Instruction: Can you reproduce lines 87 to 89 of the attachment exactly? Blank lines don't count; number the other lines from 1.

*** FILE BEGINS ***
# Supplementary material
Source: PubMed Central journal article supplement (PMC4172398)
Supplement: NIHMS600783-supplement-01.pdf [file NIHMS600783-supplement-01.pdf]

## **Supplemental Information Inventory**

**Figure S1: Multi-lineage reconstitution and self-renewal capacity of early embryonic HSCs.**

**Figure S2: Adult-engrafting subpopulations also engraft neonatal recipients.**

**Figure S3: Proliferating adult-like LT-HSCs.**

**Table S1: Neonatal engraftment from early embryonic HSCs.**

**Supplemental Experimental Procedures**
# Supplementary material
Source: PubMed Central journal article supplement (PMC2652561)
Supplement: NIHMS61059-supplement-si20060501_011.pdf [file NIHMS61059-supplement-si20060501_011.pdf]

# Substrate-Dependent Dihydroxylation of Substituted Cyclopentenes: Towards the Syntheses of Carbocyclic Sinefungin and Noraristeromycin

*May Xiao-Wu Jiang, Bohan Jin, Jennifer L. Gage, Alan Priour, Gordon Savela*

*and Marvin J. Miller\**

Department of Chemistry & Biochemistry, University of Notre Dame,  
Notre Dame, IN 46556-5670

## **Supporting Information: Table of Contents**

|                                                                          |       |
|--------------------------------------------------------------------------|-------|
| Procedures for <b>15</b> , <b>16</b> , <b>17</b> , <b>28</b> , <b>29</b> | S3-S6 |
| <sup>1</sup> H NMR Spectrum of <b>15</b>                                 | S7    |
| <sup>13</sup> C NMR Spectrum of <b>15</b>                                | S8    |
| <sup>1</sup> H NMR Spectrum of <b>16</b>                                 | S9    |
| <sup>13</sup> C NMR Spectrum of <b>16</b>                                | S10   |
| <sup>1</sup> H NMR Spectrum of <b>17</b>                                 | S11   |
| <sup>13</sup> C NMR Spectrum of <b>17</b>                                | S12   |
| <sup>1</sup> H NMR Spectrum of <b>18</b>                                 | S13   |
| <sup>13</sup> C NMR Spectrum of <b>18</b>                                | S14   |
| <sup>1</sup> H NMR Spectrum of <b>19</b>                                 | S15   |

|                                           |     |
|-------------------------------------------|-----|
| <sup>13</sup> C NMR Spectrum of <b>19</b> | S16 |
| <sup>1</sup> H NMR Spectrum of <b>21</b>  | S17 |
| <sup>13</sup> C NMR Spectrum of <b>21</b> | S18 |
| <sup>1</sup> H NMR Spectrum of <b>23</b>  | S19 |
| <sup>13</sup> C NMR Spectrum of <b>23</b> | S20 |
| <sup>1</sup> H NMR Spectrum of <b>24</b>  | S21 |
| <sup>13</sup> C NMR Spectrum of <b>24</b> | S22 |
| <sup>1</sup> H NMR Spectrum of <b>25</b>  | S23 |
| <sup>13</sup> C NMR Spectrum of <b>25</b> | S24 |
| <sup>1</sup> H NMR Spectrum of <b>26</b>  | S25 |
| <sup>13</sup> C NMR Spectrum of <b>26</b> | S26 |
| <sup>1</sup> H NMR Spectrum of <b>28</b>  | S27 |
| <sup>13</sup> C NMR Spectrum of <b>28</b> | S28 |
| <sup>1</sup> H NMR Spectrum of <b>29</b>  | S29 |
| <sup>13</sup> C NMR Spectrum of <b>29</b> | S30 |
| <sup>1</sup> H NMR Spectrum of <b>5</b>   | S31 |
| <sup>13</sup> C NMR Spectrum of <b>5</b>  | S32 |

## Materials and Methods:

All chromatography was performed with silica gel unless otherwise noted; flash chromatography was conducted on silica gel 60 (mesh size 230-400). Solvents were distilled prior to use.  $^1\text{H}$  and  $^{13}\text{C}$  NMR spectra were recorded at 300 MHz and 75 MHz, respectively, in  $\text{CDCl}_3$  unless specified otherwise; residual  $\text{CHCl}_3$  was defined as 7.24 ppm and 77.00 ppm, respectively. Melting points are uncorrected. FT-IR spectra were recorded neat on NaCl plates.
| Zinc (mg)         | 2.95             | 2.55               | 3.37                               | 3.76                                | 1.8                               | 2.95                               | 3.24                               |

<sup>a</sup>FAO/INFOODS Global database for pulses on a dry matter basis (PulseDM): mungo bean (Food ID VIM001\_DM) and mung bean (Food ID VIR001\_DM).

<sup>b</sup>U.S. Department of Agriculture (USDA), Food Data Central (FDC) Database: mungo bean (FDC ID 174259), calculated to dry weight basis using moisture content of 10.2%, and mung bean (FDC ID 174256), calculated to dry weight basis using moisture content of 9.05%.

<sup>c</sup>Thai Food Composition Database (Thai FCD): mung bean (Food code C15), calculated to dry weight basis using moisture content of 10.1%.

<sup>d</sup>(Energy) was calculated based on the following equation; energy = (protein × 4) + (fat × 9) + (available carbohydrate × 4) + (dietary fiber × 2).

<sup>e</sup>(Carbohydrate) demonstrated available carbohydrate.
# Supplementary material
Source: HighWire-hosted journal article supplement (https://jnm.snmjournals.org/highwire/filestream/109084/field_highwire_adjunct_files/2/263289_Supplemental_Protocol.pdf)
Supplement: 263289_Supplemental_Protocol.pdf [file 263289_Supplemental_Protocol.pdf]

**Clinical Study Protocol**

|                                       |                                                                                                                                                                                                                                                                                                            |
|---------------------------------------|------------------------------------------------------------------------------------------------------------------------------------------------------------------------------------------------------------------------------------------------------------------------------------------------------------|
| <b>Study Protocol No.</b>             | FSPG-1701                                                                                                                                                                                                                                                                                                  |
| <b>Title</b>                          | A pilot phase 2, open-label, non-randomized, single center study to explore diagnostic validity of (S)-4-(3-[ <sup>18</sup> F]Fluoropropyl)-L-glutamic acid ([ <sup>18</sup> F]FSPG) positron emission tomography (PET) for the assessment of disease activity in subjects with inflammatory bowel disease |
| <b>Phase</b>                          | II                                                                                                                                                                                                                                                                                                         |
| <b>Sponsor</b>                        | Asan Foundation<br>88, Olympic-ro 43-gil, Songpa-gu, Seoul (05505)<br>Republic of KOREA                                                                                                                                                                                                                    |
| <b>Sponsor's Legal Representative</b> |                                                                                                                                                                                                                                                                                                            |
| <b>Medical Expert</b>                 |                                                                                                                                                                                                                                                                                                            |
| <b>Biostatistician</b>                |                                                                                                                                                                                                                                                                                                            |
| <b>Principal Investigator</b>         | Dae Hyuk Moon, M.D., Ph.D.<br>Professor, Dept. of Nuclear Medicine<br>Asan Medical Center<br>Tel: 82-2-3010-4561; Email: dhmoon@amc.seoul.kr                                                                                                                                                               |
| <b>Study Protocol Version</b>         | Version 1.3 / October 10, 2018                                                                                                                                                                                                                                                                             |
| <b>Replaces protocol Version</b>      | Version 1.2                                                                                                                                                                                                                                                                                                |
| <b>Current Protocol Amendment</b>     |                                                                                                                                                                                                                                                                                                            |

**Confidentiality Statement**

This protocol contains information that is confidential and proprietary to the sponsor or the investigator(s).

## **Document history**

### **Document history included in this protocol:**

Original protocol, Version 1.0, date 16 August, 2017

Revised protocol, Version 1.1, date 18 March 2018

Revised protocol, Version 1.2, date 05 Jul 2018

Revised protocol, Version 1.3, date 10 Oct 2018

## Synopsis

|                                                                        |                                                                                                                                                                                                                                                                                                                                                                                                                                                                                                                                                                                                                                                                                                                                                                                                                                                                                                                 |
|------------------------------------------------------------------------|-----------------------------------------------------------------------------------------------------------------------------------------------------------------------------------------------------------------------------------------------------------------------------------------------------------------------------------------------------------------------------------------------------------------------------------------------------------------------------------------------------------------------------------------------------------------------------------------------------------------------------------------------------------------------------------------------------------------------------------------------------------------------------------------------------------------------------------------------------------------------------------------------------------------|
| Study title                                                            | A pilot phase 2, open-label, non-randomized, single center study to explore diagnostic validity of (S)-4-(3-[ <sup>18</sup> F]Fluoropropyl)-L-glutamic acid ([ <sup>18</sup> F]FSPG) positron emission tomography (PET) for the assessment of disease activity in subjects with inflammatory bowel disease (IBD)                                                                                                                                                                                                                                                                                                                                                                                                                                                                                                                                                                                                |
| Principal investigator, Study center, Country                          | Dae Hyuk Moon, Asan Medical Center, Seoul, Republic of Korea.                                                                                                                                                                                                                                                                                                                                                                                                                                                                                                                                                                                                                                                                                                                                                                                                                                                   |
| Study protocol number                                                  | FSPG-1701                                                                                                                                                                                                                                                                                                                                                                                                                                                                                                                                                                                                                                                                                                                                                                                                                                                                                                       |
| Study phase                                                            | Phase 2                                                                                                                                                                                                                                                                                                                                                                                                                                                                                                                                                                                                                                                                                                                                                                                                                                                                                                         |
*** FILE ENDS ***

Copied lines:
| Principal investigator, Study center, Country                          | Dae Hyuk Moon, Asan Medical Center, Seoul, Republic of Korea.                                                                                                                                                                                                                                                                                                                                                                                                                                                                                                                                                                                                                                                                                                                                                                                                                                                   |
| Study protocol number                                                  | FSPG-1701                                                                                                                                                                                                                                                                                                                                                                                                                                                                                                                                                                                                                                                                                                                                                                                                                                                                                                       |
| Study phase                                                            | Phase 2                                                                                                                                                                                                                                                                                                                                                                                                                                                                                                                                                                                                                                                                                                                                                                                                                                                                                                         |